How Washington Was Won
The Road To Legalization
A film by Riley Morton
First Run Features
Riley Morton’s 2013 documentary is a riveting account of how Washington state legalized recreational marijuana.
Voters in November 2012 approved legal weed by a decisive double-digit margin — 56 percent for to 44 percent against — only two years after legalization failed in California.
Ballot measure Initiative 502 — subtitled, simply, “on marijuana reform” — came from an unlikely coalition of lawmakers, attorneys, and police who concluded that the “war on drugs” was a complete failure.
You know the basics: Countless lives had been ruined by giving nonviolent offenders criminal records, while cannabis consumption remained unaffected. Billions of dollars had been spent filling up jails with people who hadn’t done anything wrong aside from break a law outlawing a plant.
Many from the African-American community pointed out how disproportionately their people were being targeted. African Americans made up 19 percent of the Washington prison population, but less than 10 percent of the state’s population. Most of these incarcerations were for low-level pot offenses.
The film’s speakers point out that once that conviction is on a person’s record, they could be denied access to schools and jobs. Many who appear in the film question the rationale of in literally ruining people’s lives.
The authors of the initiative tried to find a balance between the views of the state’s existing medical marijuana community, its faithful die-hard pot smokers seen every summer at Seattle HempFest, and the state’s more conservative residents.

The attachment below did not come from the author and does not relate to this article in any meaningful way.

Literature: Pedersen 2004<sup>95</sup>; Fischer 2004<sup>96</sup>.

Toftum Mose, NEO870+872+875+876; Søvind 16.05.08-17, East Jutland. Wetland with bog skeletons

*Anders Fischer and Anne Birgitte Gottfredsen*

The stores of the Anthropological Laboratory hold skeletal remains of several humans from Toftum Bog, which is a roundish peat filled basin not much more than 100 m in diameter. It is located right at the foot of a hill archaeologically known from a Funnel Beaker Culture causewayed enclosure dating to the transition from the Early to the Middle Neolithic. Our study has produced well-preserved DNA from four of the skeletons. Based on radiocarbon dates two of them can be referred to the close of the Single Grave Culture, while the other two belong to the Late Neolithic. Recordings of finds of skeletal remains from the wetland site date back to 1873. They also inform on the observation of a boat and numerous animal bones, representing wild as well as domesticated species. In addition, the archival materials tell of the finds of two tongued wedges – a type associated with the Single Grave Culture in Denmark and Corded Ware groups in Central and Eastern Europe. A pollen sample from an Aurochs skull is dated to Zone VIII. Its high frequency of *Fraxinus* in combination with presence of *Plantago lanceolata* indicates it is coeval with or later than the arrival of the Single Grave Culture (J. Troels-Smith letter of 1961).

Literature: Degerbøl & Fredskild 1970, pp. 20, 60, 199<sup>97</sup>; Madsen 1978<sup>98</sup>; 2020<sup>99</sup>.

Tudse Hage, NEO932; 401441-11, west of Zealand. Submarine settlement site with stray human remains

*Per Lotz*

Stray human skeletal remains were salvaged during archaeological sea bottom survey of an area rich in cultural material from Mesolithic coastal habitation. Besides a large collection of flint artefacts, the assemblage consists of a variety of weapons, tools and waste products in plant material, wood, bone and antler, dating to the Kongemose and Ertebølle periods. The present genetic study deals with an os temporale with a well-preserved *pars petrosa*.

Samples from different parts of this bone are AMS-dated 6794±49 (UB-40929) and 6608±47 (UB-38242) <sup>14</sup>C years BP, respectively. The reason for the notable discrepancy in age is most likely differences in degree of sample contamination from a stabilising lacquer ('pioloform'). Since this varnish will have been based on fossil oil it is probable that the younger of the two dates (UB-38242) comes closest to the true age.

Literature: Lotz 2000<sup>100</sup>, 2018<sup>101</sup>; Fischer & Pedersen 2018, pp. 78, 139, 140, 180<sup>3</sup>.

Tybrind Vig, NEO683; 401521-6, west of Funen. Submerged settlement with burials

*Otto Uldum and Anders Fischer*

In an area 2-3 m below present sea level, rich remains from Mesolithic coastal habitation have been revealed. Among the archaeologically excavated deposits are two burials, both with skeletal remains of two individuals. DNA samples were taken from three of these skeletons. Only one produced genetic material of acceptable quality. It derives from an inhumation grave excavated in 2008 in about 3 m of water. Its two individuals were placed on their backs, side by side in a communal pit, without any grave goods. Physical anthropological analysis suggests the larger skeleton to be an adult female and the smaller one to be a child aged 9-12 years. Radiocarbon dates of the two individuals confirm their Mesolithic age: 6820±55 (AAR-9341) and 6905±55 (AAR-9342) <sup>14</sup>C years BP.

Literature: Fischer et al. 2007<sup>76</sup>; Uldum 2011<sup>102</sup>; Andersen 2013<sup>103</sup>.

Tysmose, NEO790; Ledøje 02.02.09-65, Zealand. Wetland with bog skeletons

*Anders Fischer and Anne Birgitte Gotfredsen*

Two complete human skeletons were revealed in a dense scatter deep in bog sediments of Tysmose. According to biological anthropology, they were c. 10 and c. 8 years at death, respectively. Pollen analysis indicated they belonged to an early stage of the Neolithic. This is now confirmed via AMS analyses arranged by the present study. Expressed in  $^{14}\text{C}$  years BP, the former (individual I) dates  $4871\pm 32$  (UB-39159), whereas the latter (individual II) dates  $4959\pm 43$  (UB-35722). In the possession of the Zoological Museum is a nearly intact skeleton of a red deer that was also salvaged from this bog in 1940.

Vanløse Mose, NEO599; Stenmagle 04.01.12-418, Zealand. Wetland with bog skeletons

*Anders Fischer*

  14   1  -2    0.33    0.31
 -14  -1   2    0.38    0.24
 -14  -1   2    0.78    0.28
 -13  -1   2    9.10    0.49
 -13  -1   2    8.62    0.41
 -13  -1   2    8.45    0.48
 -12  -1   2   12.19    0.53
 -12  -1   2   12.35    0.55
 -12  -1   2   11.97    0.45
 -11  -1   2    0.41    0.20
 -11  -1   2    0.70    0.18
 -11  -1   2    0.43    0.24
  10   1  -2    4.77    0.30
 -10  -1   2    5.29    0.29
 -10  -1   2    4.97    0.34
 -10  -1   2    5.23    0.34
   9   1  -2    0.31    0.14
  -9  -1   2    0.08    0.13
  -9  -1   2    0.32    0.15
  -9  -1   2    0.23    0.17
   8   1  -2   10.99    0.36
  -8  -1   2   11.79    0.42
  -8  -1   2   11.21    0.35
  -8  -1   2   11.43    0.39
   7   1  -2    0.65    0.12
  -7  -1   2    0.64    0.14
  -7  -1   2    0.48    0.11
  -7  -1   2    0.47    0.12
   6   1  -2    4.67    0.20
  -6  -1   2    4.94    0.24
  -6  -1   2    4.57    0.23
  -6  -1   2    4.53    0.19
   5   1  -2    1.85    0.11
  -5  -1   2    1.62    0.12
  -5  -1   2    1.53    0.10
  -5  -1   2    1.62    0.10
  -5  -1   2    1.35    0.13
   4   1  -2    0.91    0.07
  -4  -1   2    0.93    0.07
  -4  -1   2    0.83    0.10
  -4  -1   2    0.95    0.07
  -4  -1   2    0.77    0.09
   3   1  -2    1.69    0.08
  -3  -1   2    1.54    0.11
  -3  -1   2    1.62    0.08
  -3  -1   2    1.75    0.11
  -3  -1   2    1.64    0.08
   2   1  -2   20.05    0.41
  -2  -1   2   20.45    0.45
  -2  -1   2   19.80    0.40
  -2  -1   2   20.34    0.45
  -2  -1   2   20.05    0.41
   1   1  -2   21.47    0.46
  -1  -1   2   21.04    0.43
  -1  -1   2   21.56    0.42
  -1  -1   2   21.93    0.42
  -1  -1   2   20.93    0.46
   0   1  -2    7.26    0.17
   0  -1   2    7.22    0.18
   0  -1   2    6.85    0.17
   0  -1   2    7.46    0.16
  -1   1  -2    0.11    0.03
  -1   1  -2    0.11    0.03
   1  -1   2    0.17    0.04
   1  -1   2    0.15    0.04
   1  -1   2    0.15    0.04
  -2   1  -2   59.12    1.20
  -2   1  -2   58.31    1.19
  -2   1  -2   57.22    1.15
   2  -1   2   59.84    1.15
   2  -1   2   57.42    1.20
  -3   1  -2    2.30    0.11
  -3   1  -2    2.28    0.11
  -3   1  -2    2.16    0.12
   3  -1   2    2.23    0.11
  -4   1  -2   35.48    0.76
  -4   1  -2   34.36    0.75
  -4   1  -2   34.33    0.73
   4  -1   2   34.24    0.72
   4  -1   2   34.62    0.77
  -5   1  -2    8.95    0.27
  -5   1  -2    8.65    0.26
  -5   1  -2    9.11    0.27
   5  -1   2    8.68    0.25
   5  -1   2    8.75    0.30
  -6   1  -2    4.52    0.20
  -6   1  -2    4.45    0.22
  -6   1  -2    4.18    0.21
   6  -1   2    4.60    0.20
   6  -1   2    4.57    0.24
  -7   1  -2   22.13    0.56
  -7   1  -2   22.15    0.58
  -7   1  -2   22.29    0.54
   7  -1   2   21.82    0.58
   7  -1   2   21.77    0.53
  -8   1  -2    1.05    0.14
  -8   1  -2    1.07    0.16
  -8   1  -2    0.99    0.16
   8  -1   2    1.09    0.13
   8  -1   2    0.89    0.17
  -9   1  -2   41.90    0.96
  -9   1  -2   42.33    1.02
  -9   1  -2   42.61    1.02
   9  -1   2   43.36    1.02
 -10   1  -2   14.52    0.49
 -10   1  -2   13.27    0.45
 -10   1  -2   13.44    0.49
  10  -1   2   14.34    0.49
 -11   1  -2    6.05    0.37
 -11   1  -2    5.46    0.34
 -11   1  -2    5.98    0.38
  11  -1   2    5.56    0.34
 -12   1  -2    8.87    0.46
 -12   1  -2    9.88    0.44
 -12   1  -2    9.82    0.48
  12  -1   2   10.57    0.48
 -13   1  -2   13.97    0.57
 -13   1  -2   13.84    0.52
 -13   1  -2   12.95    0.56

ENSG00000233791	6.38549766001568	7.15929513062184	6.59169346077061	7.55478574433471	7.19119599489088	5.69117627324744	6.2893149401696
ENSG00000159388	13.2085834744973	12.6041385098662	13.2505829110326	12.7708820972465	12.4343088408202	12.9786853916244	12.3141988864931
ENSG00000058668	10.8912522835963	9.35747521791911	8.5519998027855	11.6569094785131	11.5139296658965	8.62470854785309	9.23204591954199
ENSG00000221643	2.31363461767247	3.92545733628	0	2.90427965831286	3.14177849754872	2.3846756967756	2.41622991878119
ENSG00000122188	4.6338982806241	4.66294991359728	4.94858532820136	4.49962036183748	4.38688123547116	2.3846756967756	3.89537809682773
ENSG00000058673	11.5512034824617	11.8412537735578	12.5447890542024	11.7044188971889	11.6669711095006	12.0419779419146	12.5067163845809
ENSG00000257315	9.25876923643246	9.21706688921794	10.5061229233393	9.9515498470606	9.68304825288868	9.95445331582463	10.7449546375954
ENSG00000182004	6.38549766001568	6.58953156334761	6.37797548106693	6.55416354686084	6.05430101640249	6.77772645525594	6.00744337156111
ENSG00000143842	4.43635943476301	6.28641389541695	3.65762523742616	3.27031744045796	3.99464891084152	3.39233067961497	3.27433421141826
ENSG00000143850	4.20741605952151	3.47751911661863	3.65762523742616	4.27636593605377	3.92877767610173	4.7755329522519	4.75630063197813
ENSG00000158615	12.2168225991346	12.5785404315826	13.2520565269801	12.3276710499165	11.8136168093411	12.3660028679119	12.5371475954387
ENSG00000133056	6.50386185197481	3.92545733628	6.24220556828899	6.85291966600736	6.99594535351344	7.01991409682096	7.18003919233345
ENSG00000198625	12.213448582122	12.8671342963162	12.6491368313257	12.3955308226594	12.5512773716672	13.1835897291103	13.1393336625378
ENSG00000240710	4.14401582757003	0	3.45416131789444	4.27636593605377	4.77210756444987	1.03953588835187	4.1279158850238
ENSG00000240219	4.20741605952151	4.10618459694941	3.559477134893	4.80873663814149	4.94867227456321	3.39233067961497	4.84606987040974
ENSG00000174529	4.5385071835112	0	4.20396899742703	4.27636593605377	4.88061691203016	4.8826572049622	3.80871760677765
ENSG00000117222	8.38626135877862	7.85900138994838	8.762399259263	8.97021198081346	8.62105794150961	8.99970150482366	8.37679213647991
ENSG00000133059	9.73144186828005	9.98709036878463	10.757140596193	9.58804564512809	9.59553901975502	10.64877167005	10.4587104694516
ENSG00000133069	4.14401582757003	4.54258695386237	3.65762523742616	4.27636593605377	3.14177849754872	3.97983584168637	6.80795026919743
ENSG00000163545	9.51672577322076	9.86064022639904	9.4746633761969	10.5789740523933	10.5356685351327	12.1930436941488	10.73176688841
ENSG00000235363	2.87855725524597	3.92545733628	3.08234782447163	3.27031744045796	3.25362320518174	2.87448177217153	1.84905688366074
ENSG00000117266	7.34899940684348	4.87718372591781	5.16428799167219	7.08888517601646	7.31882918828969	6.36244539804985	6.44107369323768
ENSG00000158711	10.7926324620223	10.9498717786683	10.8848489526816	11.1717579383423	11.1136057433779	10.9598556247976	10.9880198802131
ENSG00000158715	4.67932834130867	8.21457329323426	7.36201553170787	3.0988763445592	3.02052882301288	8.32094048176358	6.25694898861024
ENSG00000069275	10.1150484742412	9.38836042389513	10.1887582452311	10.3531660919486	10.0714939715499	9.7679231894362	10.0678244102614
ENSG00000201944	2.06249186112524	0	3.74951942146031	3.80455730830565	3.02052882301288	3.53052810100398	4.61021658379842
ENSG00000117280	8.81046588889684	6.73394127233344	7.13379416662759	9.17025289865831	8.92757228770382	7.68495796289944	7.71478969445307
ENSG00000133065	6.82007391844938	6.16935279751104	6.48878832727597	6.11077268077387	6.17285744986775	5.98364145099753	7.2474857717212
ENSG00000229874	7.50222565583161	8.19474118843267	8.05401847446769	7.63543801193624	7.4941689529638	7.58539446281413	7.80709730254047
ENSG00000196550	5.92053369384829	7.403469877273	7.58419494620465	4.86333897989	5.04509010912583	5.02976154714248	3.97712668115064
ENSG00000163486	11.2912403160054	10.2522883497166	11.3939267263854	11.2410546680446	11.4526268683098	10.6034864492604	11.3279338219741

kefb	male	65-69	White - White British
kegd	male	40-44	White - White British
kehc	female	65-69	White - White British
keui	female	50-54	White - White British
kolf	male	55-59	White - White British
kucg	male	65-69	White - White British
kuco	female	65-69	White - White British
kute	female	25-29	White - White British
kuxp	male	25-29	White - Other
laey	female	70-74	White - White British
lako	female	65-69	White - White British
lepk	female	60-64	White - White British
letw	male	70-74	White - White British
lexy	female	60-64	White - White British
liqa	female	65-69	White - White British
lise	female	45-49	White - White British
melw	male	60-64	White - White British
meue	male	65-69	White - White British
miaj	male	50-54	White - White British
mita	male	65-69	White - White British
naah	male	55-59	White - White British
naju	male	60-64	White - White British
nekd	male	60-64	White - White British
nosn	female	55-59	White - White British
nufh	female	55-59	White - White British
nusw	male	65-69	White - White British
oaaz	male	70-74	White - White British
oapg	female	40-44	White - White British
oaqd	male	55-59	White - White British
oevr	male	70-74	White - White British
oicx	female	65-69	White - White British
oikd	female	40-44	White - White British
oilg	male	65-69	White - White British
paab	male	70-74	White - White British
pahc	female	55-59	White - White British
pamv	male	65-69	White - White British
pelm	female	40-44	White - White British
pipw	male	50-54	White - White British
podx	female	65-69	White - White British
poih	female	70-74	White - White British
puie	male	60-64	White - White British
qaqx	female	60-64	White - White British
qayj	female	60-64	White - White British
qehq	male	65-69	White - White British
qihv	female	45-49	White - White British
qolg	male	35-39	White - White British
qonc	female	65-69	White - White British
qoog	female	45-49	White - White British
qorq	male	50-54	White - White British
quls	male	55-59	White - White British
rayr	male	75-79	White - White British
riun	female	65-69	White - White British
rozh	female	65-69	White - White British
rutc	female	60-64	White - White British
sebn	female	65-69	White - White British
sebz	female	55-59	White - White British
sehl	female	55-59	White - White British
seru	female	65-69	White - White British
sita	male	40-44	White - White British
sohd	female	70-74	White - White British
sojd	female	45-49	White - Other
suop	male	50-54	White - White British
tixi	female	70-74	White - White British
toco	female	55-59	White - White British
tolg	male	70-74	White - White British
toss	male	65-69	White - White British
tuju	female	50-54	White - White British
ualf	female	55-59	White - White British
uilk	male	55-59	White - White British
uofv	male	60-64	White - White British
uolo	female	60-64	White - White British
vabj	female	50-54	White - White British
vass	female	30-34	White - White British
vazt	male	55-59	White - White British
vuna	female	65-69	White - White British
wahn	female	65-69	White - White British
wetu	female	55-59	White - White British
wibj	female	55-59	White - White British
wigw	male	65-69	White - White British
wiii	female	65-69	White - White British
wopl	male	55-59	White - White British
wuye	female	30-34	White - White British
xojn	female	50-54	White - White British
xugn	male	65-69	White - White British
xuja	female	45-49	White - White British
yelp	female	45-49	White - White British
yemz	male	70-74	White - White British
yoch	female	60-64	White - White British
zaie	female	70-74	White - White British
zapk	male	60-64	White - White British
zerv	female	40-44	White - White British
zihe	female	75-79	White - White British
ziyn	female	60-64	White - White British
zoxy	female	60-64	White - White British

Keeping the latter group happy was the key. Initiative 502 included a provision that would make driving while high a DUI. Medical cannabis users were outraged.
One medical pot user in the film points out that it would be a lot safer for her to drive while high rather than while nauseous. Another pointed out that she could not drive, work, or function without the medical cannabis which alleviates her pain.
Morton lets both sides be heard and doesn’t show bias. The importance of listening may be the film’s most important message. The filmmaker visits a heated public event in Olympia, Washington’s state capital, which degenerated into a shouting match: No one was heard as the police dragged screaming protesters out of the building.
Both sides get heard loud and clear as Morton’s film unfolds. His camera follows supporters of the measure on a tour of the state. He interviews lawmakers, elected officials, people who run medical cannabis clinics, patients, and people who just want to light a joint. It’s a balanced look at at a controversial issue that perhaps needn’t be such a hot topic.
When victory came, the joy in the faces of Seattle pot users was uplifting and infectious.
Evergreen: The Road to Legalization is now available on DVD. More info can be found at the film’s official website: http://www.evergreendocumentary.com